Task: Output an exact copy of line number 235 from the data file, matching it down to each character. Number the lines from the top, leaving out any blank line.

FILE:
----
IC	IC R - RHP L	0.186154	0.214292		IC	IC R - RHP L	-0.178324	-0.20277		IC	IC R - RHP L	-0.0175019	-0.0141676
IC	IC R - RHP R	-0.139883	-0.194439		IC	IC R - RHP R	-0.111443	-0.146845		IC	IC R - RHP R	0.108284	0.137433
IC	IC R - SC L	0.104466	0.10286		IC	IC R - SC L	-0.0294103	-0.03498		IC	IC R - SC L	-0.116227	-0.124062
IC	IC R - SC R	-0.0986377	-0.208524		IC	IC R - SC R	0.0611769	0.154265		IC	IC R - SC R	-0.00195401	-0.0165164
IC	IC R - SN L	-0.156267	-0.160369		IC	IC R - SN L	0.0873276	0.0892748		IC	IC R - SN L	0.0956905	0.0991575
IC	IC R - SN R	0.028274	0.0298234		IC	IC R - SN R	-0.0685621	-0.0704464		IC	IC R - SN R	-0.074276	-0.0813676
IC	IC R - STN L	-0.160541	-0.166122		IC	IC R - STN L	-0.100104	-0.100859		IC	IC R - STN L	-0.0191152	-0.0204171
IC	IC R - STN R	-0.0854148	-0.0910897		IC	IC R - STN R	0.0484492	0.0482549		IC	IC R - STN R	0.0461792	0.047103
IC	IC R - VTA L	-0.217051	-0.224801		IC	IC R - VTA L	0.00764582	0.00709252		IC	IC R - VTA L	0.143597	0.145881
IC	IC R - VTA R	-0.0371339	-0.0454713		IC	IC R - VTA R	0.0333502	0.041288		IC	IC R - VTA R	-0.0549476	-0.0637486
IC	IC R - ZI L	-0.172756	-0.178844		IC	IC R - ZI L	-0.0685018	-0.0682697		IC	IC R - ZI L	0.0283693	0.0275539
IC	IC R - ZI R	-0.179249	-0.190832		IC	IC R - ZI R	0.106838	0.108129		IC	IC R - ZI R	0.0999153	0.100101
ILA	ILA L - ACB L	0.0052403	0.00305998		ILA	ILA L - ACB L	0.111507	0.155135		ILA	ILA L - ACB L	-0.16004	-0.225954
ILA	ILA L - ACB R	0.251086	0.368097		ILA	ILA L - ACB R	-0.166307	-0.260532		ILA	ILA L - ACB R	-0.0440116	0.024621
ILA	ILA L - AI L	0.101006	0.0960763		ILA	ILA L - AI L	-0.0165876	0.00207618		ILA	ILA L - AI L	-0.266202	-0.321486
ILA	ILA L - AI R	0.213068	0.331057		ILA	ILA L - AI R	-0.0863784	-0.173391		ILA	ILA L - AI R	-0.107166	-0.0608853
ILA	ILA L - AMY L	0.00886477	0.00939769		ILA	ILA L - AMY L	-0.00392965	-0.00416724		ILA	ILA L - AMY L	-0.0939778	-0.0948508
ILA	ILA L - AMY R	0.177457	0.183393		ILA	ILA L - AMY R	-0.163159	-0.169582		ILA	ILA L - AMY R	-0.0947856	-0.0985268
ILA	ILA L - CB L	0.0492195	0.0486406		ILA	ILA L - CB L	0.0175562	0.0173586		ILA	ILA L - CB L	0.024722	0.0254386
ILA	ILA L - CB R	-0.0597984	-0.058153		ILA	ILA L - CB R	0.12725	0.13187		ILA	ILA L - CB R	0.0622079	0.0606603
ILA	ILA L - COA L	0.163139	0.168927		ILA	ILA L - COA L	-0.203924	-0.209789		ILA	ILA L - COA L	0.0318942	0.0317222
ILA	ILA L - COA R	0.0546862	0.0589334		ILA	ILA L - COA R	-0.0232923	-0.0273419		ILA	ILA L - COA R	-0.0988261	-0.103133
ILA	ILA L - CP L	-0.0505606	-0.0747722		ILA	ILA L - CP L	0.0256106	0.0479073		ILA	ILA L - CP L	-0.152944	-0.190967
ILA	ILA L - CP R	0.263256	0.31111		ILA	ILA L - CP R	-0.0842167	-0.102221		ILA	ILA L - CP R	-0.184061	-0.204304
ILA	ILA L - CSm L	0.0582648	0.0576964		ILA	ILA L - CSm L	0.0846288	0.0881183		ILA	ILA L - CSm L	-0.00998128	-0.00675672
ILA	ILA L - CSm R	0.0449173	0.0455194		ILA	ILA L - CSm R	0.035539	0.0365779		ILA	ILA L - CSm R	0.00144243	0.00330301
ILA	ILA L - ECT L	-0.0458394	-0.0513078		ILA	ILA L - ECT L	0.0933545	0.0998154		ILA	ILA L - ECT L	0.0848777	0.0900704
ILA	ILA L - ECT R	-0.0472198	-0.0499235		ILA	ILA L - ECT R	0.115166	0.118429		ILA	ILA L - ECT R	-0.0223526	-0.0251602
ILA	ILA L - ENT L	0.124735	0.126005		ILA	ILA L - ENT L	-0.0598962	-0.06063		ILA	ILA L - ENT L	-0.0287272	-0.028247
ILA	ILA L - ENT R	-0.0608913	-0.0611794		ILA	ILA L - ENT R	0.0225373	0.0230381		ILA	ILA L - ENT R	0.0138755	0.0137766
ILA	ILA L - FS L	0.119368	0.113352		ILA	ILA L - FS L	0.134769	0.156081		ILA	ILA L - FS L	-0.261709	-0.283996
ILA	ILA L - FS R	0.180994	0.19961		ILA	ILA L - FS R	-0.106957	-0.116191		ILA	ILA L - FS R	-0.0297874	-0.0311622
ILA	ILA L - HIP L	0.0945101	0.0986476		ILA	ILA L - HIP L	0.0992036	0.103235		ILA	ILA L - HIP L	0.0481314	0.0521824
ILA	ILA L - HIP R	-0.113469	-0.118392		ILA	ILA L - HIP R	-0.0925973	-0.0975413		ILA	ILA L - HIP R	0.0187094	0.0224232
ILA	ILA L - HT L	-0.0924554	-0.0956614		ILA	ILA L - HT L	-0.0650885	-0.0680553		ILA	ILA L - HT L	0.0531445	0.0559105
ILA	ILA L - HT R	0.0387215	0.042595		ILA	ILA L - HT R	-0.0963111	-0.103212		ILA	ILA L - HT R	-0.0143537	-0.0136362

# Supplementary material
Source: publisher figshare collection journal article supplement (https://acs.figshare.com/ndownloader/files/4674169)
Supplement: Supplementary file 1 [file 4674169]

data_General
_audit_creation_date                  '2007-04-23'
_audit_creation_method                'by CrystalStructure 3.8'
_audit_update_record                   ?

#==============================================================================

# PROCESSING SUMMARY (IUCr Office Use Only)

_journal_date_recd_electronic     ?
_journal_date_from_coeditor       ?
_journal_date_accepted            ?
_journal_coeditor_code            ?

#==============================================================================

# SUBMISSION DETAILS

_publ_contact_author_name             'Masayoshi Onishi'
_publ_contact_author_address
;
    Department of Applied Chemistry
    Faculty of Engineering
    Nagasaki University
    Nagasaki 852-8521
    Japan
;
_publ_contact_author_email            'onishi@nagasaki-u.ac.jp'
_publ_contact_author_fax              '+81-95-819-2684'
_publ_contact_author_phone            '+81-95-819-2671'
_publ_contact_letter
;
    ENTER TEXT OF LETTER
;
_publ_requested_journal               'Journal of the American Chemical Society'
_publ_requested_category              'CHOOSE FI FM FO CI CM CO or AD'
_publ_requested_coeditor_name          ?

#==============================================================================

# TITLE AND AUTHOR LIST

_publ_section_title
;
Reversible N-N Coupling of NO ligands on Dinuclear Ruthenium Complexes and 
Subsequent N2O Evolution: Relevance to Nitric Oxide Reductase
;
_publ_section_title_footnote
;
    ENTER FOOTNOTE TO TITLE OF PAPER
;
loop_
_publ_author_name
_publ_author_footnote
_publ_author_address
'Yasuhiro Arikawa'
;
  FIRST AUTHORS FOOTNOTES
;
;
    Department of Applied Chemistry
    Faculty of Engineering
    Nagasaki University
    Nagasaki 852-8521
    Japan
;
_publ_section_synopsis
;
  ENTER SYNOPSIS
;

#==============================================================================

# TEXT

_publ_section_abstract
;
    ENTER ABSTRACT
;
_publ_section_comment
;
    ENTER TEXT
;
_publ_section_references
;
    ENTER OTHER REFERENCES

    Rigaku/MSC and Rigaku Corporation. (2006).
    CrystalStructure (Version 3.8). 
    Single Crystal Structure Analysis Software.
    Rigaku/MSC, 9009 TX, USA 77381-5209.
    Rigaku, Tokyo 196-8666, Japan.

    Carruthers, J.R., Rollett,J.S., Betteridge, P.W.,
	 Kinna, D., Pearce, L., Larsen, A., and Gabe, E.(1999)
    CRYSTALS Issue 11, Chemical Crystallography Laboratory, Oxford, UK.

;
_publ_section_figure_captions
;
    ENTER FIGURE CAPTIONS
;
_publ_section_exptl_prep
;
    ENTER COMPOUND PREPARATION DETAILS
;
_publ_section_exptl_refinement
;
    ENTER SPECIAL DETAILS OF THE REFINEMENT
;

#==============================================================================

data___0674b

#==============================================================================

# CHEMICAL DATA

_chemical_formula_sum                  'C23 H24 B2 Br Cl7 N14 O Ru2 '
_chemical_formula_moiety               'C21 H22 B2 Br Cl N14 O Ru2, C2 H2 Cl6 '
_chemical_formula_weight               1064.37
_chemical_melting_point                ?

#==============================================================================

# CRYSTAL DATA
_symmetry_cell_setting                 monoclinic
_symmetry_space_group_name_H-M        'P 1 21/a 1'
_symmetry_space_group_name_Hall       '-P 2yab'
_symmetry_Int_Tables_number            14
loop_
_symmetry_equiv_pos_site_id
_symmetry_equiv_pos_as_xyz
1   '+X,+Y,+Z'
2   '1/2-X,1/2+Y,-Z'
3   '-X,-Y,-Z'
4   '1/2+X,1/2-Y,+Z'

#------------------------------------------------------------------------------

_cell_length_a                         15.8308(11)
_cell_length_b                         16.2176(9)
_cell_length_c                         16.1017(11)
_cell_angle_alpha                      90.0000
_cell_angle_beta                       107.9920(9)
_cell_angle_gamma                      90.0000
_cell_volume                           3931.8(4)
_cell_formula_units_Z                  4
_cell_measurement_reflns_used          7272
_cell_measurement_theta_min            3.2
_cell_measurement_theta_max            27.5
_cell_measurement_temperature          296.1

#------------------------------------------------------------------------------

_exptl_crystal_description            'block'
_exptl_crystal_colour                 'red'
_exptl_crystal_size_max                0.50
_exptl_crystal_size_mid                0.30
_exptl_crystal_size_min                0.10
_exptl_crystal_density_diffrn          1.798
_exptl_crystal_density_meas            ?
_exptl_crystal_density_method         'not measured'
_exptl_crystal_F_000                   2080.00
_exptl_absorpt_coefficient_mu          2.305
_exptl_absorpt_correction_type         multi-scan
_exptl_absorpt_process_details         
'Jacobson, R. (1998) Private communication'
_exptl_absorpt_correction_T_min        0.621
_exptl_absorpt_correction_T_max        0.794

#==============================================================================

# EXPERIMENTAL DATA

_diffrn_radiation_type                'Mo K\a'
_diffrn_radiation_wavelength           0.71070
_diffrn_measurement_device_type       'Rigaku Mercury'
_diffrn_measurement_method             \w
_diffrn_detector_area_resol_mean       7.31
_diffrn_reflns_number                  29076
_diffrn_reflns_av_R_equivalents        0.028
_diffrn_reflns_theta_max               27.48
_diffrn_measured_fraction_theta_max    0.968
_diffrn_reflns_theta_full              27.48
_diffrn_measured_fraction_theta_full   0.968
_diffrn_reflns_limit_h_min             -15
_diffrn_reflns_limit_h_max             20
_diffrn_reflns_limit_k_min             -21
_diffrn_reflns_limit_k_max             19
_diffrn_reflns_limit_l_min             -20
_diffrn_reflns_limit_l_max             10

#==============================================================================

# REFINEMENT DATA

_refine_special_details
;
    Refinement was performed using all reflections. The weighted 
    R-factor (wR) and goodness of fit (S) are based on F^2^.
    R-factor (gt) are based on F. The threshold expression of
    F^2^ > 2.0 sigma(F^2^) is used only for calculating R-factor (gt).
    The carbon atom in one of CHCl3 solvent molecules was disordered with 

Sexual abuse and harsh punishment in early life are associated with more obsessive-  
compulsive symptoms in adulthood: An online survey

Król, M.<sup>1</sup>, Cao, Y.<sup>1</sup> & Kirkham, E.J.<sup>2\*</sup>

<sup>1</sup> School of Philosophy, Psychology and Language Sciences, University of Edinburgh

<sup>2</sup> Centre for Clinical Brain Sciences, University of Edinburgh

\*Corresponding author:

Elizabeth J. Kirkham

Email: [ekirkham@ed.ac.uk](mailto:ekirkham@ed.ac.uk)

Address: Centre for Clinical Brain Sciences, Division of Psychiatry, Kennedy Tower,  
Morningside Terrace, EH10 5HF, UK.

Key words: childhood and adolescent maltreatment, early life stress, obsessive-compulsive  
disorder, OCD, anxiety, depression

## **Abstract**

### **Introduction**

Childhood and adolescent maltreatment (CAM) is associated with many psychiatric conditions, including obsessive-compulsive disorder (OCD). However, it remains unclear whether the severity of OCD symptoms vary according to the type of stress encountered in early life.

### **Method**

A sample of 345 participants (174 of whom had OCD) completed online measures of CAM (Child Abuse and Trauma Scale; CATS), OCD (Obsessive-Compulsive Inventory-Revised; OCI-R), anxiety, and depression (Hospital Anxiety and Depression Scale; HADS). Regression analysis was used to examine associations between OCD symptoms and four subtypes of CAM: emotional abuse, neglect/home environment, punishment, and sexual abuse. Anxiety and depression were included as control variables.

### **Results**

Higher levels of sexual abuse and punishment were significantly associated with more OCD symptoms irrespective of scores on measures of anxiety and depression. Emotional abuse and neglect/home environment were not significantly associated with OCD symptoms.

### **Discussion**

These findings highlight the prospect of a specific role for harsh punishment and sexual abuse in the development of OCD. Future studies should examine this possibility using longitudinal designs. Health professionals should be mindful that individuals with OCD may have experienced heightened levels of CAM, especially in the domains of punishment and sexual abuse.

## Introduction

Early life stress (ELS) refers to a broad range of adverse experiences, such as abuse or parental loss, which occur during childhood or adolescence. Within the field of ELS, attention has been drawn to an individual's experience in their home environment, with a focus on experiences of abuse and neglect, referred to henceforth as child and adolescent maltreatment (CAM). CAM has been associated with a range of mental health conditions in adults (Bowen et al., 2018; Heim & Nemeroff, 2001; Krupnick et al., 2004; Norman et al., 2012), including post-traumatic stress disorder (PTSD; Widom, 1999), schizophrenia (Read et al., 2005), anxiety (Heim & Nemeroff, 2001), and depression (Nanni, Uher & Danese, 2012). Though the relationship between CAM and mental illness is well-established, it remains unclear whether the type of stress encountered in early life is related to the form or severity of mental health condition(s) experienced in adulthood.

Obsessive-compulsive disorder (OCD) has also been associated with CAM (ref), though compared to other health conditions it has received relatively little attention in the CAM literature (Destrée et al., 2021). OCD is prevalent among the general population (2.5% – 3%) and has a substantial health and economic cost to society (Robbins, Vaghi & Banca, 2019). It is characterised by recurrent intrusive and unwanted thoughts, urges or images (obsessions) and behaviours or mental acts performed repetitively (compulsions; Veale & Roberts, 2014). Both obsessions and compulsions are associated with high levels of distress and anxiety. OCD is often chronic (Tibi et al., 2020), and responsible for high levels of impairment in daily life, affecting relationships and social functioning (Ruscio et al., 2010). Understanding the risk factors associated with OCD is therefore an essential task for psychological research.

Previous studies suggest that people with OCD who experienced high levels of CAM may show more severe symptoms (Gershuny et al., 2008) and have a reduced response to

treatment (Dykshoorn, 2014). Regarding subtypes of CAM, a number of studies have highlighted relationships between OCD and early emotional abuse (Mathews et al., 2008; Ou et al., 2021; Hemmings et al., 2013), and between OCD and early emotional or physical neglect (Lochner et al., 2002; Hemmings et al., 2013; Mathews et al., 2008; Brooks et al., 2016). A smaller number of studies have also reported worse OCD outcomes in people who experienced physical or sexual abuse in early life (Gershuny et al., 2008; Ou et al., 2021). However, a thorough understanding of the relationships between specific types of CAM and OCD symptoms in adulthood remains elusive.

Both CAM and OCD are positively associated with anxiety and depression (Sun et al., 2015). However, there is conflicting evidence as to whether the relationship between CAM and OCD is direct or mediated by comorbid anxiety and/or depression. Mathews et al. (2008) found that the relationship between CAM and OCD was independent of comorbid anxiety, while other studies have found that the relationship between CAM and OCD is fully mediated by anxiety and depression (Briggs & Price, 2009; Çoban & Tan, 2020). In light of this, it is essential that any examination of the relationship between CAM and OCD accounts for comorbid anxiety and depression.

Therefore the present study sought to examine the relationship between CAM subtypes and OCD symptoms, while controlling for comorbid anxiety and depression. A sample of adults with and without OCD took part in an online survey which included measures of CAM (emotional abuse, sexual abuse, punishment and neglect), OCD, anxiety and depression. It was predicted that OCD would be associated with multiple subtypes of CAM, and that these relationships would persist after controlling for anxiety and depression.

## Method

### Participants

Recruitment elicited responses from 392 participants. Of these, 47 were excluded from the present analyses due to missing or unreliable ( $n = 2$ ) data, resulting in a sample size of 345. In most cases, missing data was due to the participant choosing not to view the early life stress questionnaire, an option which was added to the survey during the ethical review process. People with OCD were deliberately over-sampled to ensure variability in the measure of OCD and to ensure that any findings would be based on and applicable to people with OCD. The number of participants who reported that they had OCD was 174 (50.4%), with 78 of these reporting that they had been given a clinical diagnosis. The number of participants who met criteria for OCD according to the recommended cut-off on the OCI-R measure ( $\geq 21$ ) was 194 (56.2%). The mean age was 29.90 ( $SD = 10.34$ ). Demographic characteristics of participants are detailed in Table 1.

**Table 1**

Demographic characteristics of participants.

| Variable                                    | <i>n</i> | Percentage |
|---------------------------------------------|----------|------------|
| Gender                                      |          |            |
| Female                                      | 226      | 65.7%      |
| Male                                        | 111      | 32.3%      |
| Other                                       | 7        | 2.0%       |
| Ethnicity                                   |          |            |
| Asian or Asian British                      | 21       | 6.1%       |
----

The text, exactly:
Early life stress (ELS) refers to a broad range of adverse experiences, such as abuse or parental loss, which occur during childhood or adolescence. Within the field of ELS, attention has been drawn to an individual's experience in their home environment, with a focus on experiences of abuse and neglect, referred to henceforth as child and adolescent maltreatment (CAM). CAM has been associated with a range of mental health conditions in adults (Bowen et al., 2018; Heim & Nemeroff, 2001; Krupnick et al., 2004; Norman et al., 2012), including post-traumatic stress disorder (PTSD; Widom, 1999), schizophrenia (Read et al., 2005), anxiety (Heim & Nemeroff, 2001), and depression (Nanni, Uher & Danese, 2012). Though the relationship between CAM and mental illness is well-established, it remains unclear whether the type of stress encountered in early life is related to the form or severity of mental health condition(s) experienced in adulthood.